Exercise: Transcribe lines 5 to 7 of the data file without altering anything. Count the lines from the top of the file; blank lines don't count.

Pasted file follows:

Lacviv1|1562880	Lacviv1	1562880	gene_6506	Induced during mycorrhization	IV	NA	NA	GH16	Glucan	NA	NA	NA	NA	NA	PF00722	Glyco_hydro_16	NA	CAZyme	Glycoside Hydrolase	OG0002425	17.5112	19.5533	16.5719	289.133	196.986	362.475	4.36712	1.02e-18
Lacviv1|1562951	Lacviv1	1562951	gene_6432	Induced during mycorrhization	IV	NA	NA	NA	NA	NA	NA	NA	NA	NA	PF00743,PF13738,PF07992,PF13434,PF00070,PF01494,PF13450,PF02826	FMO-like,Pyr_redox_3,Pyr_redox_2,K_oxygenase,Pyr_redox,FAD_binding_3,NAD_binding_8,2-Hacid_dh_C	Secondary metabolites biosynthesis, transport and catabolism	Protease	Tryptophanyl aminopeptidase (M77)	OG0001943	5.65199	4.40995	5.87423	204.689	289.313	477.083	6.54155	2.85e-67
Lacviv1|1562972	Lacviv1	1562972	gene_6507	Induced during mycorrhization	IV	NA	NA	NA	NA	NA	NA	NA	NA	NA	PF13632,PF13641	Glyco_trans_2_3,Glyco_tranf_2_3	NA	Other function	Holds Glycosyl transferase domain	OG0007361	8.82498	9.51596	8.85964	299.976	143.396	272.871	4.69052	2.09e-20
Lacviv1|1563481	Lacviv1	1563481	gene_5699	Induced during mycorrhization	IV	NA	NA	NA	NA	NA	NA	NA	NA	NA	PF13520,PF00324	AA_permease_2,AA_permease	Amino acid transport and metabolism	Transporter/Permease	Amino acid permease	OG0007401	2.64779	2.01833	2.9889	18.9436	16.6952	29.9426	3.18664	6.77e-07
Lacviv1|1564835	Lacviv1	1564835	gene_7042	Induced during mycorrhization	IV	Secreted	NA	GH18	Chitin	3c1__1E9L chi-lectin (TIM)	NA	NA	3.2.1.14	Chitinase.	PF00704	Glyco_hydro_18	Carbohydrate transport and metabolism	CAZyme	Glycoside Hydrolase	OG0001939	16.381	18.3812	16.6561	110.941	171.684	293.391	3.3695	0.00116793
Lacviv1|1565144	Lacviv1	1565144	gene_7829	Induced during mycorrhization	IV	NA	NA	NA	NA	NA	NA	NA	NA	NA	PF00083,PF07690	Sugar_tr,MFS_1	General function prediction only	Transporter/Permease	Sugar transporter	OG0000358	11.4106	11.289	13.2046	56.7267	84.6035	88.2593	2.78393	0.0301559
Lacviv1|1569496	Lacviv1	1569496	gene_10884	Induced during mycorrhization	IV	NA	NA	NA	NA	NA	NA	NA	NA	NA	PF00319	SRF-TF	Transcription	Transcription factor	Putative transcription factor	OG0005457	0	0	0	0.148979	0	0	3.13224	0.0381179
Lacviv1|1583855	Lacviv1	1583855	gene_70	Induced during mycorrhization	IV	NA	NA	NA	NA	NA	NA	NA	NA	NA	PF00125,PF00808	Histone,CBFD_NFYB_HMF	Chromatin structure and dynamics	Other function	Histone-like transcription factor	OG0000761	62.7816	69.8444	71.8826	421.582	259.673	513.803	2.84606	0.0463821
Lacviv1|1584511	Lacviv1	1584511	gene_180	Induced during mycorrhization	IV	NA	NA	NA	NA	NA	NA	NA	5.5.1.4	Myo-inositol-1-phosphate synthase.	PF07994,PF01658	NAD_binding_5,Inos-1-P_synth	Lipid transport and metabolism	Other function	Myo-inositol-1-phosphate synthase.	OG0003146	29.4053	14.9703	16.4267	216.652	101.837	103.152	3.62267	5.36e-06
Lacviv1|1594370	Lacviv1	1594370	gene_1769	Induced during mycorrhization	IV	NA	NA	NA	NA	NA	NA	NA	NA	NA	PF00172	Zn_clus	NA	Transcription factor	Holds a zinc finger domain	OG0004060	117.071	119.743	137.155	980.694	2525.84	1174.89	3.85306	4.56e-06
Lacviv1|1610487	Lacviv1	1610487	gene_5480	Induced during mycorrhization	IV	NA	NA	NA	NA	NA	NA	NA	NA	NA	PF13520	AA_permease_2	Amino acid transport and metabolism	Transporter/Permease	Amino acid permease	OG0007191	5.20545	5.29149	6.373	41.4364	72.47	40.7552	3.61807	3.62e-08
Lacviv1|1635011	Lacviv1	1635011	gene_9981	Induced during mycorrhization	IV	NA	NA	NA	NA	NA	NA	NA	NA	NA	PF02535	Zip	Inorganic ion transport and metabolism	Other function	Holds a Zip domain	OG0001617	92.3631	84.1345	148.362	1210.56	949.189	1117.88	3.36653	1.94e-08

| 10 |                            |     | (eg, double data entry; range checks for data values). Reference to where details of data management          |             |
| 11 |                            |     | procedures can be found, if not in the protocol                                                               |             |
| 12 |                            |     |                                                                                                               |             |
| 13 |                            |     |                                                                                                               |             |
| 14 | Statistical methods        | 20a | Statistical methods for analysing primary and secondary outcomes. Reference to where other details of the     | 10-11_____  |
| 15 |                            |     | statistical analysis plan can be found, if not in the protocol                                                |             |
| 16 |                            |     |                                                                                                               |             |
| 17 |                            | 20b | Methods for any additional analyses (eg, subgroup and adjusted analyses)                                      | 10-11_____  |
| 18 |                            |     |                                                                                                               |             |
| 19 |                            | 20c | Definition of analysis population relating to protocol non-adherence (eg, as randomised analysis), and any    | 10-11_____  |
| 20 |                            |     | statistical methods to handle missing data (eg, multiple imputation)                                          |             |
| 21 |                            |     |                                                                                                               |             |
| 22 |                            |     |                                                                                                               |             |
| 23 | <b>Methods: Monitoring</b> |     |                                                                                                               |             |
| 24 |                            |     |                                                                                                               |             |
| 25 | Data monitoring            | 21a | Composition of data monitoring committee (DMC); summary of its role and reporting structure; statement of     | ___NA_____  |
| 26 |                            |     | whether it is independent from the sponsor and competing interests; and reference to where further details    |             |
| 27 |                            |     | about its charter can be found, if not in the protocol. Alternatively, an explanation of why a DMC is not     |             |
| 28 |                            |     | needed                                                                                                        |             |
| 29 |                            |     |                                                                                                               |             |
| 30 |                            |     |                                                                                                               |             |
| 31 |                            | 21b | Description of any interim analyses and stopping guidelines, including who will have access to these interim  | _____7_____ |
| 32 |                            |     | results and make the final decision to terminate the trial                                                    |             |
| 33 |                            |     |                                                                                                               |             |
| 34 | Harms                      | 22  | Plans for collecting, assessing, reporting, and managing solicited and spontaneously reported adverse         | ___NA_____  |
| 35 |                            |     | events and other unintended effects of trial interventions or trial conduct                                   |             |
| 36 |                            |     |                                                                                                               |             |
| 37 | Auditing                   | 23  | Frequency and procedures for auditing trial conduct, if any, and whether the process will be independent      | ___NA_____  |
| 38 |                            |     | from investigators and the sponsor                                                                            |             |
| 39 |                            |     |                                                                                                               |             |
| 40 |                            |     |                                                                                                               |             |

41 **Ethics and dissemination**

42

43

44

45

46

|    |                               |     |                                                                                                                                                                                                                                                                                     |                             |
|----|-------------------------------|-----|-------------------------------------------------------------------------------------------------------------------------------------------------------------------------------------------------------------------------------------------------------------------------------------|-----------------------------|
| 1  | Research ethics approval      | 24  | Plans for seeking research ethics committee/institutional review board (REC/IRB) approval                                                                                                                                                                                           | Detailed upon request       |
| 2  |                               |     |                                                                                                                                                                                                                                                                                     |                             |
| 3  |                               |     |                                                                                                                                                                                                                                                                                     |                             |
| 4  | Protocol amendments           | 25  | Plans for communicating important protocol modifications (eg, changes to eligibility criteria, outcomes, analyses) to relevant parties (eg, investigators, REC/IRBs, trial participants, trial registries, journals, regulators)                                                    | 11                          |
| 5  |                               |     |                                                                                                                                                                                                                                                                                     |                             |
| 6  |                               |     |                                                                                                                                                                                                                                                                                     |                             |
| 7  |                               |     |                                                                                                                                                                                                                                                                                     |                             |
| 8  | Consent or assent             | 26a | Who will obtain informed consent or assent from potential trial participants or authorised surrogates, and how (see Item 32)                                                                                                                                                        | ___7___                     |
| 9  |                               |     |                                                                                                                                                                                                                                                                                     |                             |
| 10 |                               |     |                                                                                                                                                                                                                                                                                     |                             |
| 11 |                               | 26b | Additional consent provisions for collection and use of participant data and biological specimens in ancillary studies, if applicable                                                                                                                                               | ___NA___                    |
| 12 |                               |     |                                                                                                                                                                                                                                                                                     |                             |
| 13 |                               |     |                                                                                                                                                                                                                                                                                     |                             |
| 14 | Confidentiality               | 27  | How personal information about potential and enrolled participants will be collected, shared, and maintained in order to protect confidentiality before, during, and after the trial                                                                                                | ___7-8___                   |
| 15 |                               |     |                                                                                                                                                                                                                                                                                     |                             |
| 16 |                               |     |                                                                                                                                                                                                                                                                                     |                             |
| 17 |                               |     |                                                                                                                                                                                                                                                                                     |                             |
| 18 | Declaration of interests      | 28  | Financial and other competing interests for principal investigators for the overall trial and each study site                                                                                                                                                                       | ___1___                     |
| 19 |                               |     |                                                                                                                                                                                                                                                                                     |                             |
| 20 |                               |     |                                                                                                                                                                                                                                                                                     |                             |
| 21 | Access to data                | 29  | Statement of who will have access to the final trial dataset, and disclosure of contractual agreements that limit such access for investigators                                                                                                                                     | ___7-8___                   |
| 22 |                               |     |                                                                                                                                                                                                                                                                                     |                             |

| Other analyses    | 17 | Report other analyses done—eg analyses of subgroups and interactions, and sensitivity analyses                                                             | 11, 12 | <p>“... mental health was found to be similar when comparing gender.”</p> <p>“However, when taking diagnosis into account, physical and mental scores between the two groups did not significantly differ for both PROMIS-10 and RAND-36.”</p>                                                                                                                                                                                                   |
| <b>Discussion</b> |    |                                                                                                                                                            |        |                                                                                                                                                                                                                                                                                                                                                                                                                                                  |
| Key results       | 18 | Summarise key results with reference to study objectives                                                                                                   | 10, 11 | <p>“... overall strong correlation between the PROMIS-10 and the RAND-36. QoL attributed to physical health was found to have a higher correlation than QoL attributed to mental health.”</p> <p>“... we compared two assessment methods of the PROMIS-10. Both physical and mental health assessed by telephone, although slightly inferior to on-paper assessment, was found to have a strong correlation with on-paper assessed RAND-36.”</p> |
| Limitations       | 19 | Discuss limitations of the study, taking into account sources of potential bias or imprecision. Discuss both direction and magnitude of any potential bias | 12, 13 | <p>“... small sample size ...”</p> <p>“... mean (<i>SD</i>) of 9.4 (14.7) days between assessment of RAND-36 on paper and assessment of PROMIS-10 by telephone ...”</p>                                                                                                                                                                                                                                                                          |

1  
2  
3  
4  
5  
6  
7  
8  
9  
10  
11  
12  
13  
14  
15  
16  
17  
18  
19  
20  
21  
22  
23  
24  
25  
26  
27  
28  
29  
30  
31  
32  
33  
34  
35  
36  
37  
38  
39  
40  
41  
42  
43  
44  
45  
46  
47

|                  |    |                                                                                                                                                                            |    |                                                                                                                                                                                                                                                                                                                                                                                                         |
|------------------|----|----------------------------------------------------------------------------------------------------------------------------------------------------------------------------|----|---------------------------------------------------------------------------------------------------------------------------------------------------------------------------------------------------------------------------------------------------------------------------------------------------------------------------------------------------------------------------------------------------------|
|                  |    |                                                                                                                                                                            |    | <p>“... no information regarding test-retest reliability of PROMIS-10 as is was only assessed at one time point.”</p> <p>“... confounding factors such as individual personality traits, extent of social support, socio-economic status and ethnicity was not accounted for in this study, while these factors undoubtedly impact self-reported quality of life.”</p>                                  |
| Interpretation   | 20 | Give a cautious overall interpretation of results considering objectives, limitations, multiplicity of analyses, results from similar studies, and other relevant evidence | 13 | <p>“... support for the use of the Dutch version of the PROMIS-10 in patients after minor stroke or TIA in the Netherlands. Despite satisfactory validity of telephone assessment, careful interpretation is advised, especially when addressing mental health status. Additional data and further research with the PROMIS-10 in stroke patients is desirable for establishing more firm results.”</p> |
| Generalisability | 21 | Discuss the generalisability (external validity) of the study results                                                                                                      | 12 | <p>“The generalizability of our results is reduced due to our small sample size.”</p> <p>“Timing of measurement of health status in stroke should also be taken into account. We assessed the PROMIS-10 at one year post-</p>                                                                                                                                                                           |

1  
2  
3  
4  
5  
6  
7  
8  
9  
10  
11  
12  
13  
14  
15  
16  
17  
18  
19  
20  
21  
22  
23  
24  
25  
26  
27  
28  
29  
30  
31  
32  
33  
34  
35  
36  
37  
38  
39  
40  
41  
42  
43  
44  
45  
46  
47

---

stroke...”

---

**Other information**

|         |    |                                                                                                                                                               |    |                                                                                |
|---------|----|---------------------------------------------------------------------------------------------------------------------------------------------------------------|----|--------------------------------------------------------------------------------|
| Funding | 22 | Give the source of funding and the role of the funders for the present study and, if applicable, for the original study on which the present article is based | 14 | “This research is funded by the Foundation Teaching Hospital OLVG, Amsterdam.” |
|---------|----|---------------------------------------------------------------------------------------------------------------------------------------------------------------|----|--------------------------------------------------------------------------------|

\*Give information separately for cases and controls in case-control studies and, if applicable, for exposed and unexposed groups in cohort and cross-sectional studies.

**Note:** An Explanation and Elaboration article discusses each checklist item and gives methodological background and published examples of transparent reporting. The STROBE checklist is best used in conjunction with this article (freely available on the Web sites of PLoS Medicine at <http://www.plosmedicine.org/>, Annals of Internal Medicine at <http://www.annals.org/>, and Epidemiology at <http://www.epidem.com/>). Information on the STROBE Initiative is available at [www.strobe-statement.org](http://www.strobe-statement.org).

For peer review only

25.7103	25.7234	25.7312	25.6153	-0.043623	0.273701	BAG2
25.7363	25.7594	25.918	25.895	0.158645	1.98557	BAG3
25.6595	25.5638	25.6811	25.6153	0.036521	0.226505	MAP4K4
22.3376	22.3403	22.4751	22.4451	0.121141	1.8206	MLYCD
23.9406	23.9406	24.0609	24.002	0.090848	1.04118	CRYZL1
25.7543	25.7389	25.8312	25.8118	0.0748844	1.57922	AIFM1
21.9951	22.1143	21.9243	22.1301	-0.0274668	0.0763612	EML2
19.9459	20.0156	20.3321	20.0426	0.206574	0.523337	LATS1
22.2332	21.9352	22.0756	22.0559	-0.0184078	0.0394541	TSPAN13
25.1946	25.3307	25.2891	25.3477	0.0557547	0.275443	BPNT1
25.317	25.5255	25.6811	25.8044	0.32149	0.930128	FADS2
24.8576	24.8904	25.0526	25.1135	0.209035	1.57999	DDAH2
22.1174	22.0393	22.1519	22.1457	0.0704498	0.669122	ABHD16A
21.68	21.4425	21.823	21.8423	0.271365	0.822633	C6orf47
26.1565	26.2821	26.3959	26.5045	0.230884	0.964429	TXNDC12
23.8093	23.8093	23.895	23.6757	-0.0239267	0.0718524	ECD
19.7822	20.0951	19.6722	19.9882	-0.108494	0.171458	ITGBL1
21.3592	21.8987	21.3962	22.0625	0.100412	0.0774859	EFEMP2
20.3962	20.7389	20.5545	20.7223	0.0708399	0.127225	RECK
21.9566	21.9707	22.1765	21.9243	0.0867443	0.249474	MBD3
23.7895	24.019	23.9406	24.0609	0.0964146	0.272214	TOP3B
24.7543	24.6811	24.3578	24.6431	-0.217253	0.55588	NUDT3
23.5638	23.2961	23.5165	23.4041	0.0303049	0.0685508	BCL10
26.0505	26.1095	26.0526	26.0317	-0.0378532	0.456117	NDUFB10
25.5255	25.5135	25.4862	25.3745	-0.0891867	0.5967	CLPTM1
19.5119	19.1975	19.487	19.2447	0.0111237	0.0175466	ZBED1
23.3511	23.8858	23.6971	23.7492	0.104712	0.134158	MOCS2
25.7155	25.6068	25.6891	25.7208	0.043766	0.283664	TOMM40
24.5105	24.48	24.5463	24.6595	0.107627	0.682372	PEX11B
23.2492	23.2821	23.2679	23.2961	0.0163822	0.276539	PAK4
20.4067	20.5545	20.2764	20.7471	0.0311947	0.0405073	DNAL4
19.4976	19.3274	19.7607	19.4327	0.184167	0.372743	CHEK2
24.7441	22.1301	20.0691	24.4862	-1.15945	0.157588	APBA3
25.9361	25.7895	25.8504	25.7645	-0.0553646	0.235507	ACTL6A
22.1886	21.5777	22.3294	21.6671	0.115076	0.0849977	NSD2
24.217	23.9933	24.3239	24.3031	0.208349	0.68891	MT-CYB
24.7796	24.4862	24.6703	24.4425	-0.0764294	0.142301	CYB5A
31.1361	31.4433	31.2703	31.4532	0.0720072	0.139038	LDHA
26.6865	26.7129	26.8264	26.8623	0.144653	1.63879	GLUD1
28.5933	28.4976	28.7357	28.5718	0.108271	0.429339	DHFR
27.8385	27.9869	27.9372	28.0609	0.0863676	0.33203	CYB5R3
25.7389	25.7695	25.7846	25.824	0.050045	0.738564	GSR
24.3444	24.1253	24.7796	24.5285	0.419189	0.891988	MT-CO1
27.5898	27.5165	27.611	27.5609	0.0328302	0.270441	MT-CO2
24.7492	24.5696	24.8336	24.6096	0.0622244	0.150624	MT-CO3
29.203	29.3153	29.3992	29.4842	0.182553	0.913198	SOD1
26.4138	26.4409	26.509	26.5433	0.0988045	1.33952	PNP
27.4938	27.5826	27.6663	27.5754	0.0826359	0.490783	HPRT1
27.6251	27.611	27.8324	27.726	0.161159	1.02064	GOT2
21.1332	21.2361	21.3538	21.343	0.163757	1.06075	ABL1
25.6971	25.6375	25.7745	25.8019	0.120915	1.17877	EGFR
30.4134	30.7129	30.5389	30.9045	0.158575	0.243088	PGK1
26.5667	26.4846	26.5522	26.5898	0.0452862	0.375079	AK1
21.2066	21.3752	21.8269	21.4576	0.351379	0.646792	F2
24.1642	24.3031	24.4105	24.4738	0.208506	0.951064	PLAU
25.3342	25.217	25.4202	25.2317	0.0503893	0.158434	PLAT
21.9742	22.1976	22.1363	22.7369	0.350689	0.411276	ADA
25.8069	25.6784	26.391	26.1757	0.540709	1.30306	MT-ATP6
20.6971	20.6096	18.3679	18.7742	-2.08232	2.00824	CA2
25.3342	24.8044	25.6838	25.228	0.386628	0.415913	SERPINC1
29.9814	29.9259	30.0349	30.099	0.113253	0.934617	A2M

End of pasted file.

Lacviv1|1564835	Lacviv1	1564835	gene_7042	Induced during mycorrhization	IV	Secreted	NA	GH18	Chitin	3c1__1E9L chi-lectin (TIM)	NA	NA	3.2.1.14	Chitinase.	PF00704	Glyco_hydro_18	Carbohydrate transport and metabolism	CAZyme	Glycoside Hydrolase	OG0001939	16.381	18.3812	16.6561	110.941	171.684	293.391	3.3695	0.00116793
Lacviv1|1565144	Lacviv1	1565144	gene_7829	Induced during mycorrhization	IV	NA	NA	NA	NA	NA	NA	NA	NA	NA	PF00083,PF07690	Sugar_tr,MFS_1	General function prediction only	Transporter/Permease	Sugar transporter	OG0000358	11.4106	11.289	13.2046	56.7267	84.6035	88.2593	2.78393	0.0301559
Lacviv1|1569496	Lacviv1	1569496	gene_10884	Induced during mycorrhization	IV	NA	NA	NA	NA	NA	NA	NA	NA	NA	PF00319	SRF-TF	Transcription	Transcription factor	Putative transcription factor	OG0005457	0	0	0	0.148979	0	0	3.13224	0.0381179